I have noticed how different media streams can take words from public figures and alter their meaning to fit an agenda. If we are not careful, we can do this to some extent with God’s words. We should therefore constantly ask ourselves how we come to conclusions about God from His word. Do we try to make the meaning of His words agree with who we think He should be, or alter how we think of God according to how His word reveals Him to be.  I think John 3:16 is one verse in particular that we need to approach with this discernment, especially because of its popularity.

I have seen the verse in some odd places such as billboards, eyeblack, picket signs, people’s skin, and aloe vera drinks.  It has got to be on the list of top 10 bible verses known worldwide. To gain a more thorough meaning of verse 16, I suggest the inclusion of at least verse 14,15,17, and 18.  If they are, God’s love will be understood in light of His judgment, and the Old Testament will be used as a primary contextual asset.

God giving the world His Son is the starting point in knowing His love according to John 3:16. Love is a major attribute of God emphasized and explained throughout the scriptures. Yet Jesus also said to Nicodemus in the same statement that his love was related to others perishing and having eternal life. Since the word love is a more favored relational word, it can overpower the word perishing in our minds and in our preaching. We will miss an essential piece to the love of God puzzle if with separate it from our state of perishing.

If we needed a good illustration for perishing in verse 16, God gave it to us in verse 14 and 15. Those verses refer to the time when Israel was in the wilderness and spoke against God and Moses:

 

They traveled from Mount Hor along the route to the Red Sea, to go around Edom. But the people grew impatient on the way; they spoke against God and against Moses, and said, “Why have you brought us up out of Egypt to die in the wilderness? There is no bread! There is no water! And we detest this miserable food!”

Then the Lord sent venomous snakes among them; they bit the people and many Israelites died. The people came to Moses and said, “We sinned when we spoke against the Lord and against you. Pray that the Lord will take the snakes away from us.” So Moses prayed for the people.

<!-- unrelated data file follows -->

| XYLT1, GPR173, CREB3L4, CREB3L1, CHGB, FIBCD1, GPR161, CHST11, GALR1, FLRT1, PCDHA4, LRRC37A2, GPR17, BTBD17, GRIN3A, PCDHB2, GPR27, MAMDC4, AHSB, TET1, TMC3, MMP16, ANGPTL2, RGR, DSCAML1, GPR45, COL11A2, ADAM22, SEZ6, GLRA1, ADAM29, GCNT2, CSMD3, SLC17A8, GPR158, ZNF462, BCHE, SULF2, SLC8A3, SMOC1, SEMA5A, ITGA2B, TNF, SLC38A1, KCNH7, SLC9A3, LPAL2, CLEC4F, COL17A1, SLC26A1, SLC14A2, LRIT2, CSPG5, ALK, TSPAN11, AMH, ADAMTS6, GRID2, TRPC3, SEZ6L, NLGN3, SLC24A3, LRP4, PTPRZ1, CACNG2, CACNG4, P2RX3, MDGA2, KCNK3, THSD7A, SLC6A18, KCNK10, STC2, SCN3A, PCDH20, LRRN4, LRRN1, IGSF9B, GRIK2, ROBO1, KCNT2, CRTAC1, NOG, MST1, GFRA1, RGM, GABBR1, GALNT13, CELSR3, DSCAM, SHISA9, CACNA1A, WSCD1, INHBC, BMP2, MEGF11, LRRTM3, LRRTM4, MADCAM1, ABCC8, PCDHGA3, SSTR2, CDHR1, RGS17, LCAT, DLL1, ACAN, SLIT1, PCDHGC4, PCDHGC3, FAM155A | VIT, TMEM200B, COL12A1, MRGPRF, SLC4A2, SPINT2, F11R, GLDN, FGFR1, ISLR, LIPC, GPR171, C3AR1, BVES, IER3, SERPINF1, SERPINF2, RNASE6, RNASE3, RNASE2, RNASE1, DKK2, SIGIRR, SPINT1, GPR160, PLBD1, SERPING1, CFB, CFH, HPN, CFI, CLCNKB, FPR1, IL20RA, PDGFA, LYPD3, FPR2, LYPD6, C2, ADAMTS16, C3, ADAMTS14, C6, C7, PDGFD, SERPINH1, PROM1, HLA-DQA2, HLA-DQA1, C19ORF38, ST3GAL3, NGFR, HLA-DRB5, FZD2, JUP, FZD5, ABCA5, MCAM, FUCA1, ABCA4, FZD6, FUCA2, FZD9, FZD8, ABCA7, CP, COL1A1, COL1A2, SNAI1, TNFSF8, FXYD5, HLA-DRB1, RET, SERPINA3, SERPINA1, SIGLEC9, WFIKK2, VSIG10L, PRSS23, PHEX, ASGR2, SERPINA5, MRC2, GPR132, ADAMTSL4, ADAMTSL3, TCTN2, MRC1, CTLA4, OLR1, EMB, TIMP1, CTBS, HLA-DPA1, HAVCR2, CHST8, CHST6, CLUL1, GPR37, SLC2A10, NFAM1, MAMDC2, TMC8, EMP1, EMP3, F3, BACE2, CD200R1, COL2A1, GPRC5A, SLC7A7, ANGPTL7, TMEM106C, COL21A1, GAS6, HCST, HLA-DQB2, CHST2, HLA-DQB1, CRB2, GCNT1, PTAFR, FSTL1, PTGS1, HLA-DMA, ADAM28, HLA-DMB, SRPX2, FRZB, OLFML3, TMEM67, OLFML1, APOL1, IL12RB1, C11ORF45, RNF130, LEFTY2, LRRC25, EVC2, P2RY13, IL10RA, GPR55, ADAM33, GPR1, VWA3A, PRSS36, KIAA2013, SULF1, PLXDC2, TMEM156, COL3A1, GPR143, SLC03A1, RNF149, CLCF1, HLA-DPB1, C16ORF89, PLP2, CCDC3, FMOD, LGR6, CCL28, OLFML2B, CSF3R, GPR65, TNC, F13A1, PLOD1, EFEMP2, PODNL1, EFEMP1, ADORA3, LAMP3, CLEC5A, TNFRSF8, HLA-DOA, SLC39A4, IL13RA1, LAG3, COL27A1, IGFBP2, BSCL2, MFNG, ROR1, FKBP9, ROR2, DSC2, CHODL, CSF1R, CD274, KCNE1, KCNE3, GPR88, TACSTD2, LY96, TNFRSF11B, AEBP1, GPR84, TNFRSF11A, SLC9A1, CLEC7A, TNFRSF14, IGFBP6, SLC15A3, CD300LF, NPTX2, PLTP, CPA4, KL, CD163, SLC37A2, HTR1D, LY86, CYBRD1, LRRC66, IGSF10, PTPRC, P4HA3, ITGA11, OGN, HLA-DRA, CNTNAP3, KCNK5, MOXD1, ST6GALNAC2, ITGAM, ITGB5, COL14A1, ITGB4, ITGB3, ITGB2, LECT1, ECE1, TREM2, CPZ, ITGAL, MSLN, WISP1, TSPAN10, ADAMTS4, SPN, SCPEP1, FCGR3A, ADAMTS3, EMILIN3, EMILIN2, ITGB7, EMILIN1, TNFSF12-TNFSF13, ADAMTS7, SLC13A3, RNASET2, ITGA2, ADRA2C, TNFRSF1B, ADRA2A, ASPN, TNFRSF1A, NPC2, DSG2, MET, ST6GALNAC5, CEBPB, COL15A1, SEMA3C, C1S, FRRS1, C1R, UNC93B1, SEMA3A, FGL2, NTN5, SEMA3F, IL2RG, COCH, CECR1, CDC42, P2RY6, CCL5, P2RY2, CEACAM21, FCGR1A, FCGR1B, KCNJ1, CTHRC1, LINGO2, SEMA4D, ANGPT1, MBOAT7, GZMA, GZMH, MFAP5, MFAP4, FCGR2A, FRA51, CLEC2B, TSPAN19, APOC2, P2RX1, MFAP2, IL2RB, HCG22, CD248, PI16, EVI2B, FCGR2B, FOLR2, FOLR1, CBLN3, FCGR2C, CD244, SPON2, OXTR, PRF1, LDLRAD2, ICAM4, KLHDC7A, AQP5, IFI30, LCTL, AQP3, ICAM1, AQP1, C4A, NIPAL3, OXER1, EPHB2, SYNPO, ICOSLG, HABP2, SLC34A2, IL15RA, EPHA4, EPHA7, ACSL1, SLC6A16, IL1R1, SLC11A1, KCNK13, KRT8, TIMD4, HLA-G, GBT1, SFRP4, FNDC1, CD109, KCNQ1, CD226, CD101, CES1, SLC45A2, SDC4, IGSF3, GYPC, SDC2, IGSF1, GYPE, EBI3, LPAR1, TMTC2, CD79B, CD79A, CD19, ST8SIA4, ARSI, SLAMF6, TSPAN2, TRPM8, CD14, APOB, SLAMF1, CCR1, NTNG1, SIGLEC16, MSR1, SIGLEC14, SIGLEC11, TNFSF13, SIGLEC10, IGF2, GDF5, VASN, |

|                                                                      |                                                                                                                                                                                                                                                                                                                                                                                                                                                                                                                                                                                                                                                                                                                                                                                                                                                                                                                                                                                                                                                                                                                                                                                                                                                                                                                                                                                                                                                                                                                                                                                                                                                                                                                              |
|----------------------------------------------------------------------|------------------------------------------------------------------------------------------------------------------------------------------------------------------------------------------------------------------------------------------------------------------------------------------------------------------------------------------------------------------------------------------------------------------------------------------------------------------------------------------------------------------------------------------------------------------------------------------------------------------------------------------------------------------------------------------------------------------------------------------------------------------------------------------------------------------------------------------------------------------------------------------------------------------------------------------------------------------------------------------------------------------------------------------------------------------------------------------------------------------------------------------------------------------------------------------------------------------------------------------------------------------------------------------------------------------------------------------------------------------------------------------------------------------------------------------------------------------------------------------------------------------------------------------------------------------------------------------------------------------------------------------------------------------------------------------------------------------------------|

The Lord said to Moses, “Make a snake and put it up on a pole; anyone who is bitten can look at it and live.” So Moses made a bronze snakeand put it up on a pole. Then when anyone was bitten by a snake and looked at the bronze snake, they lived.

Numbers 21:4-9 (NASB)

 

As the account tells, Israelites were dying from serpents sent by God as a judgment for their rebellion. It was only when they recognized their wrong, changed their mind, pleaded with Moses, and looked at the serpent on the standard that they were healed. Perishing for Israel equaled dying physically and healing equaled simply looking at the serpent on the standard. In John 3:16, the perishing of the world equals eternal death and trusting in the Son of God equals eternal life. Does the condition of perishing Jesus mentions in John 3:16 feel like a snake bite? In may not feel as sudden or dramatic, but with a little reflecting on my own life and the world, I am confident poison runs deep in our veins.

Why doesn’t the condition of a perishing world get brought up more in conversation and from the pulpit? Once again, I believe Gods love has cast a shadow on His judgment by a lot of people these days. How many times have you heard people reference John 3:16 with 17 and leave out 18? My hunch as to why this commonly happens is people don’t like talking about judgment and 18 is all about it. The verse says Jesus was sent not to judge the world but that it would be saved through Him. This statement makes it seem like Jesus and judgment don’t go together. However, His second statement brings judgment back into the spotlight when He said “he who believes in Him is not judged; he who does not believe has been judged already, because he has not believed in the name of the only begotten Son of God”. Judgment, even if we don’t like to admit it, is upon all people because all have rebelled. Until someone trusts in the Lord Jesus who overcame the judgment for sin on their behalf, they’re doomed to perish.

Recently reading the book of Numbers inspired me to think and write this blurb about John 3:16. I get a little upset if love is barely or not at all presented alongside perishing by others and myself. Why do I get upset? Well, because people are in danger of being judged eternally by the One paradoxically revealed as love, and they need to know it. If folks recognize they are on the verge of dying eternally like they would recognize being bitten by a deadly snake, they may be more desperate to know and cling to Jesus. They may also better understand His love by the fact He came so that we wouldn’t die. The lesson to be constantly practicing is to accept God as He has revealed Himself to be, instead of choose how we want Him to be, even if we don’t like it.